This month we’ve talked about a lot of topics on our Mondays, the one we’ve talked about a little each week is our monthly topic: self-control. We’ve talked around it, but never really addressed it. Today, on our last Monday we’re going to take some time to talk about it. Don’t worry, I don’t have plans to go into a long lecture about how we don’t have any control over our lives, how we need to do a better job of controlling ourselves, that making choices for ourselves is pointless because God is in control, or any of the typical control discussions we could have. Instead I want to take a look at Proverbs 1:1-4:
“These are the proverbs of Solomon, David’s son, king of Israel. Their purpose is to teach people wisdom and discipline, to help them understand the insights of the wise. Their purpose is to teach people to live disciplined and successful lives, to help them do what is right, just, and fair. These proverbs will give insight to the simple, knowledge and discernment to the young.”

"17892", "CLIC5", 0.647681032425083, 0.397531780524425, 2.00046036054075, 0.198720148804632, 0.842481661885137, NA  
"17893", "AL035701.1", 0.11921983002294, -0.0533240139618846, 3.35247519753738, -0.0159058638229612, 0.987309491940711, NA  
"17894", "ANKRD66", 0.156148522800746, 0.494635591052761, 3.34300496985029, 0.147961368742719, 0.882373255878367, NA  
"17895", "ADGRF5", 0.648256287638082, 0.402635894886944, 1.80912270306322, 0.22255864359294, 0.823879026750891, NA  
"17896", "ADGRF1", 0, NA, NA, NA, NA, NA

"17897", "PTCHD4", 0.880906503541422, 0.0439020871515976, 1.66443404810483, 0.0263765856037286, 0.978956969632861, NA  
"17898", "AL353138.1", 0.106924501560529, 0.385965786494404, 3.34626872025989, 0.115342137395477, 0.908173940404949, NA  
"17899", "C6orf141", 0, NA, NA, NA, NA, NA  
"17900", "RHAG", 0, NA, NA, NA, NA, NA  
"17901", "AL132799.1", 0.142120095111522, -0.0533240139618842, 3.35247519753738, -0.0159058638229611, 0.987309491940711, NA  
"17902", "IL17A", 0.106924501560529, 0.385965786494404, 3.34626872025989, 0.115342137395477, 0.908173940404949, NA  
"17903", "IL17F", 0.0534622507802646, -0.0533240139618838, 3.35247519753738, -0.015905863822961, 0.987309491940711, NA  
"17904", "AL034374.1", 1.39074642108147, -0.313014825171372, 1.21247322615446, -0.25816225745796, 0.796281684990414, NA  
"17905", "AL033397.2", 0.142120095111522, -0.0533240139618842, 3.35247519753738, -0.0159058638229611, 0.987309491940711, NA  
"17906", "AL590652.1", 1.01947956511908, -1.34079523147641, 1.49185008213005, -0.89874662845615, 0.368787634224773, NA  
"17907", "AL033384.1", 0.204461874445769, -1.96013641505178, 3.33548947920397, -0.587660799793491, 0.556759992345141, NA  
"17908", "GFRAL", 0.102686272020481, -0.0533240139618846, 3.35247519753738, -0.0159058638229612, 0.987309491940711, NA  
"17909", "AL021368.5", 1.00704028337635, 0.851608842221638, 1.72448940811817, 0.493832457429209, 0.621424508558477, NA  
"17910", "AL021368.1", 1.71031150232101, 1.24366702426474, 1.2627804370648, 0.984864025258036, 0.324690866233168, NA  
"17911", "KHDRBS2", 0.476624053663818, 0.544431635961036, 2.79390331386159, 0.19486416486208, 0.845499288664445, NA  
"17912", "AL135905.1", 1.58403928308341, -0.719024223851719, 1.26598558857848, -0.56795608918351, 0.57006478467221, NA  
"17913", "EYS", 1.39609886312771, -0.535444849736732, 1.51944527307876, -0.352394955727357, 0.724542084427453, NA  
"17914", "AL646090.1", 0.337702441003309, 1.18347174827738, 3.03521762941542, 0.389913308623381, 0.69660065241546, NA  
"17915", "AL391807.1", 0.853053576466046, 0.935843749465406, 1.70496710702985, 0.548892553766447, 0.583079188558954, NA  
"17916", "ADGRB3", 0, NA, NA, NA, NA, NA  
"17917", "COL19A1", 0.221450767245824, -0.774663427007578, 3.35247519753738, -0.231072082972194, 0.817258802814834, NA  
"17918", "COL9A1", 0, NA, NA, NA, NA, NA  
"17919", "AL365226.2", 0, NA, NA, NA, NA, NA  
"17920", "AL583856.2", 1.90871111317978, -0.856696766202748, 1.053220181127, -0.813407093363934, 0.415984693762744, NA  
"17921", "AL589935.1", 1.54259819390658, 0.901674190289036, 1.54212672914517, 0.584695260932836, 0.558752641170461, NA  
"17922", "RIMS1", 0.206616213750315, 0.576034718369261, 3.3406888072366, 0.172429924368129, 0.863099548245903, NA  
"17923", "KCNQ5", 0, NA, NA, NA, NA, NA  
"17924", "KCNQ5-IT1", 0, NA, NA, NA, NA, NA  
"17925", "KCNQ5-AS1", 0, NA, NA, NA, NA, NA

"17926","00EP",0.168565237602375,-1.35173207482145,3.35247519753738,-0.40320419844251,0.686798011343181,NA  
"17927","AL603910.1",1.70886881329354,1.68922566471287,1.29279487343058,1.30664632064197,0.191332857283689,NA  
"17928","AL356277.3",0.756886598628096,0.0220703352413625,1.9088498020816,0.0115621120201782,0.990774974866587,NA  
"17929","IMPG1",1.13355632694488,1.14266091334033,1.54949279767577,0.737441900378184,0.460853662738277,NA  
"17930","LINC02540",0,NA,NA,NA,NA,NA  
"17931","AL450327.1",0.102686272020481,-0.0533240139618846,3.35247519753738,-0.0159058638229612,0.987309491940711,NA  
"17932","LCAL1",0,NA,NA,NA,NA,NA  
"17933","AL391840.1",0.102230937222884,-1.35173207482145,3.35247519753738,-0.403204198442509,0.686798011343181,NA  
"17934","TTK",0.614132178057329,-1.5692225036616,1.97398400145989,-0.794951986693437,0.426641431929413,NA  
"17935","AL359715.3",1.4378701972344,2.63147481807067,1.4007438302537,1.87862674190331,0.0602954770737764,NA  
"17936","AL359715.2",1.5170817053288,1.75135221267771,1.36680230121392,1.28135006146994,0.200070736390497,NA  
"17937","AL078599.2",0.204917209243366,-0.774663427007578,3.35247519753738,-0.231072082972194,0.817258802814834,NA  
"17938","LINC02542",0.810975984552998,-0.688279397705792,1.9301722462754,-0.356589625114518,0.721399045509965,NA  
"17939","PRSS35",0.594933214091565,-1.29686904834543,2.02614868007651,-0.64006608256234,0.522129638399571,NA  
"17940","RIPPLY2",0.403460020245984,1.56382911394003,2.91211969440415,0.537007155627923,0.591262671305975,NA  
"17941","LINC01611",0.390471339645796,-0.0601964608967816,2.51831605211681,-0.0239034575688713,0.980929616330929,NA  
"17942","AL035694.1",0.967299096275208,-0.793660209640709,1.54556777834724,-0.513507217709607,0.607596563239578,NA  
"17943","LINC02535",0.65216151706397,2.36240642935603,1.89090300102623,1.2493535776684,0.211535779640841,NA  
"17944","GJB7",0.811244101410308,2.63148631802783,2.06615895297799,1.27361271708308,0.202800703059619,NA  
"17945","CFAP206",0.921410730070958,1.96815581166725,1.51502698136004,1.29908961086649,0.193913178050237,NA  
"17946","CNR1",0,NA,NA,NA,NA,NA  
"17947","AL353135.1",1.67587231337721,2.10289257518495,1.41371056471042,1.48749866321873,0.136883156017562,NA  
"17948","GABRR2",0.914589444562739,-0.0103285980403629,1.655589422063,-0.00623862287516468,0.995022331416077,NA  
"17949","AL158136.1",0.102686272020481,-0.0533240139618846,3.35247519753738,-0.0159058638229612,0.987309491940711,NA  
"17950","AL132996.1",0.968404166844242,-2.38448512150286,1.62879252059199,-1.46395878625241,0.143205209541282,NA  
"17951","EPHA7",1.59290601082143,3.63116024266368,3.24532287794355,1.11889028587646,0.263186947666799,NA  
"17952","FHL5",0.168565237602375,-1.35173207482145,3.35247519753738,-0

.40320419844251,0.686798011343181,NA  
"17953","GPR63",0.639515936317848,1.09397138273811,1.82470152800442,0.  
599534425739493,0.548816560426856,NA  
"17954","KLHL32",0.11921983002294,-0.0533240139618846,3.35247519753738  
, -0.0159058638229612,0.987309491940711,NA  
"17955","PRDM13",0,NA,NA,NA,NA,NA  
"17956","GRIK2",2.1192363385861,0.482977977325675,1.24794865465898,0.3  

If you remember the book of Proverbs in the Old Testament is filled with these amazing bits of wisdom that are still helpful today, many years later. It was actually written with the intention of sharing bits of wisdom with the world. Solomon, as I discussed in my devotional last week had an incredible gift from God of wisdom that surpassed anything we know now or was known before with maybe one or two exceptions.
What I’ve discovered in this month of reflection on self-control, as I’ll share on Wednesday, is that it’s about more than being “in control” as we typically talk about it. What if being exercising self-control wasn’t about denial but about knowing what is best for us and taking actions to make that happen? What if self-control was about being wise, and wasn’t intended to be a punishment? Would that change your opinion of working on your self control? I know it does mine.